Whilst testing in Rhosneigr the wind continued to increase on one day, from being marginally powered on 5.0m sails to overpowered on 4.2m. And I have to say, we were mightily impressed with just how well mannered these 90 litre boards were in challenging seas. Most importantly we didn’t feel at any disadvantage or over-boarded whilst dropping into a wave or asking them to respond in an instant. Yes, perhaps they felt a little larger and bulky in the air when compared to their smaller siblings … but the advantage swung back the other way when the clouds darkened and the wind turned off as the next front approached. 

General developments and trends amongst the brands for 2019 is a lust for speed and early planing by straightening rockers, countering any loss in turning potential by the introduction of other measures. This could be the reduction of tail thicknesses, narrowing of tail widths, thinning of rails, shortening of rail-lengths, or the rearwards movement of the rider’s stance. Or any combination of the above! The multi-fin debate between quad, thruster or twinzer is still roaring on, and rightly so. It is such a critical part to the feel of the board, so much so that we could honestly spend an extra six months testing these boards with countless fin combinations and still have a way to go. The fins supplied are unquestionably a good place to start. If you aren’t getting the results you want for the conditions you’re sailing in, a change in setup, fin size or stiffness could transform the riding sensation you experience.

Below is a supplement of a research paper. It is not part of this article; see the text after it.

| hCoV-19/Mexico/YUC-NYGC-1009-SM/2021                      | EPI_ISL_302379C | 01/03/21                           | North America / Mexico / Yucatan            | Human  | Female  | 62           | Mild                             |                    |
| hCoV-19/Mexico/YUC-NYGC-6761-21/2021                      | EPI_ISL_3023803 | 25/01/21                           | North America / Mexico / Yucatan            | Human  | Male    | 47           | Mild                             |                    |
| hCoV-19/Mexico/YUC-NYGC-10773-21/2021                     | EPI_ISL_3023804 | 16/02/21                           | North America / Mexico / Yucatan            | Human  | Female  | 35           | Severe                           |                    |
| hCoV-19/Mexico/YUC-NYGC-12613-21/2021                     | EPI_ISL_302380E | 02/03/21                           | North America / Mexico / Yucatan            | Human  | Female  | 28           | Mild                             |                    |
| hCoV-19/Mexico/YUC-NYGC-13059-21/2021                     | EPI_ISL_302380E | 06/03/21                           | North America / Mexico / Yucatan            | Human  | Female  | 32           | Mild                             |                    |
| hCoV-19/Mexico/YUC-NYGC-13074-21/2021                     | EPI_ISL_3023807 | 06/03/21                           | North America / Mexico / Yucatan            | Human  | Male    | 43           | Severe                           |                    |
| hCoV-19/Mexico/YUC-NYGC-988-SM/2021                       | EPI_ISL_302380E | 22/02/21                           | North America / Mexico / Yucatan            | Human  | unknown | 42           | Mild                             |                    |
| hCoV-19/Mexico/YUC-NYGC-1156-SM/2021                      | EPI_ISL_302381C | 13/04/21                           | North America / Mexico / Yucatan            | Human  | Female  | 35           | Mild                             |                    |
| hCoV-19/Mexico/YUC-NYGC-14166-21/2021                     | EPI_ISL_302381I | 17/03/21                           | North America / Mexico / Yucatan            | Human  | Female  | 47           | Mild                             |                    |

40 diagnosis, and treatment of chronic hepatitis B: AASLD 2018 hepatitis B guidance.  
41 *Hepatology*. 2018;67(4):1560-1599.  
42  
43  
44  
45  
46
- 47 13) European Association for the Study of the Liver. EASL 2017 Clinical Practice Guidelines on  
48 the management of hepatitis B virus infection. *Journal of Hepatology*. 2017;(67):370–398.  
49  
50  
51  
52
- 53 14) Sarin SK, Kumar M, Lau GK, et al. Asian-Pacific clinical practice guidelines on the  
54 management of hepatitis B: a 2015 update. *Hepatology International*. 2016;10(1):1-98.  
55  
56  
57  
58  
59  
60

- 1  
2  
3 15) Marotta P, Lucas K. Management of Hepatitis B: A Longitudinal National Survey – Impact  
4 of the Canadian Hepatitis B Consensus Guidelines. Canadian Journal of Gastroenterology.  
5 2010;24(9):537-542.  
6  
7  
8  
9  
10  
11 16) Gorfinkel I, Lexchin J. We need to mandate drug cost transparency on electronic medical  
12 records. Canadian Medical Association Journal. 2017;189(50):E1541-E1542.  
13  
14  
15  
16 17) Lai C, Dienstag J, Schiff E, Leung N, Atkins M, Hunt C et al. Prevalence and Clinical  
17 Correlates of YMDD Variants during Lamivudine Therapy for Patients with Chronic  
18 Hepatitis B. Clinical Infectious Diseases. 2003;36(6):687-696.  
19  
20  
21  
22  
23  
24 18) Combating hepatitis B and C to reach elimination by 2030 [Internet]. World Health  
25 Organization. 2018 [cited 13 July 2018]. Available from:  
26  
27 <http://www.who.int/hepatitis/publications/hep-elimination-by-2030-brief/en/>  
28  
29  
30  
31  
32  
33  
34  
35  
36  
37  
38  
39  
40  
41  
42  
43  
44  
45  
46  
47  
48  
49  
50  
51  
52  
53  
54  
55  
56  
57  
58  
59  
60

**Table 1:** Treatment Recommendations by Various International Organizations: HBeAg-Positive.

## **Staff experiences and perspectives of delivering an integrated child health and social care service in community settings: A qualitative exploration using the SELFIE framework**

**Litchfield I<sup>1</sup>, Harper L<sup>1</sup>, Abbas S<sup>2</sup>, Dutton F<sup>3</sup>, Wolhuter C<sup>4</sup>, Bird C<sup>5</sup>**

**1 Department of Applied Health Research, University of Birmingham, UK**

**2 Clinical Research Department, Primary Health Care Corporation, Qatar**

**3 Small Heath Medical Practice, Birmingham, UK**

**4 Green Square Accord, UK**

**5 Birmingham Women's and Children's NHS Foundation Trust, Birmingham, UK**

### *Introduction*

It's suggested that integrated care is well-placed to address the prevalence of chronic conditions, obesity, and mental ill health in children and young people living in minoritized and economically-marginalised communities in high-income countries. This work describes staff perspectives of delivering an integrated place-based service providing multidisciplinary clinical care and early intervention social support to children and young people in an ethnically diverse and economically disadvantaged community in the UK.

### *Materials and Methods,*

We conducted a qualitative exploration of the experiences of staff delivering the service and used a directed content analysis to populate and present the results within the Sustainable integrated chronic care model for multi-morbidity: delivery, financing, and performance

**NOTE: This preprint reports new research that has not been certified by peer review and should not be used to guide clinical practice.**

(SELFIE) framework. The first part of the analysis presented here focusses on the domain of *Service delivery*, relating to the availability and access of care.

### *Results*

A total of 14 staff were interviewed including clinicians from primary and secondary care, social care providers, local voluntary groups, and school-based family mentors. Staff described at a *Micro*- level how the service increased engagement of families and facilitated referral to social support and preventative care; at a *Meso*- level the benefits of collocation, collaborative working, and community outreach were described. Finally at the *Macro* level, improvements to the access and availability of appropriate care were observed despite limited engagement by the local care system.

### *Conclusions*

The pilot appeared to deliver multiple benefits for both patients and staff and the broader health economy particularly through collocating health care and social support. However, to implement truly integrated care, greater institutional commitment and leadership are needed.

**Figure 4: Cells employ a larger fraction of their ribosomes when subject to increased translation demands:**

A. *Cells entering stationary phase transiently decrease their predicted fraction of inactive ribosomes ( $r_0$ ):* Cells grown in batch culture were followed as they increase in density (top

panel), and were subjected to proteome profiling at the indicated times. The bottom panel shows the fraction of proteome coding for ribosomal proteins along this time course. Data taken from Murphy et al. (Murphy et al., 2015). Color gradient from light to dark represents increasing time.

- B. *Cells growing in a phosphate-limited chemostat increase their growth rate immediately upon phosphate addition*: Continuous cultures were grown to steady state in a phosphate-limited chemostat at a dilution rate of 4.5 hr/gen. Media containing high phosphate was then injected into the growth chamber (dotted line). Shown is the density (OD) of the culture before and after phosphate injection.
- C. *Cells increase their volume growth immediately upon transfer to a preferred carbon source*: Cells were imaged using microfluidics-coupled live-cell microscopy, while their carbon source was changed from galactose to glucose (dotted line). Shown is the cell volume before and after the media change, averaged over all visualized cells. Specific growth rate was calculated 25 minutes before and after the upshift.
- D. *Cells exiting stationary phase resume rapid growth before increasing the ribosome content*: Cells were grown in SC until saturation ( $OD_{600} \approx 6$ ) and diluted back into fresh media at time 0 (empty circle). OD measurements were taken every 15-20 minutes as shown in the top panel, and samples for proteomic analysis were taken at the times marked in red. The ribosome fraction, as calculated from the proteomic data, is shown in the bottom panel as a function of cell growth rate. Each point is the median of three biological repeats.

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Going through the boards in the group, let’s start with some of the more conventional designs here. Whilst a new design, the Tabou Da Curve is all about speed and carrying it through fast, committed front-footed power carves. It can of course play in slow onshore waves as well, but you find yourself hunting for bigger cleaner faces to plough the rails into again. It’s such an addictive sensation! The same can be said of the Starboard, albeit the UltraKode is much more planted in nature, the slower entry and drive through the tail of the board helping it to hook through tighter turns if you push hard.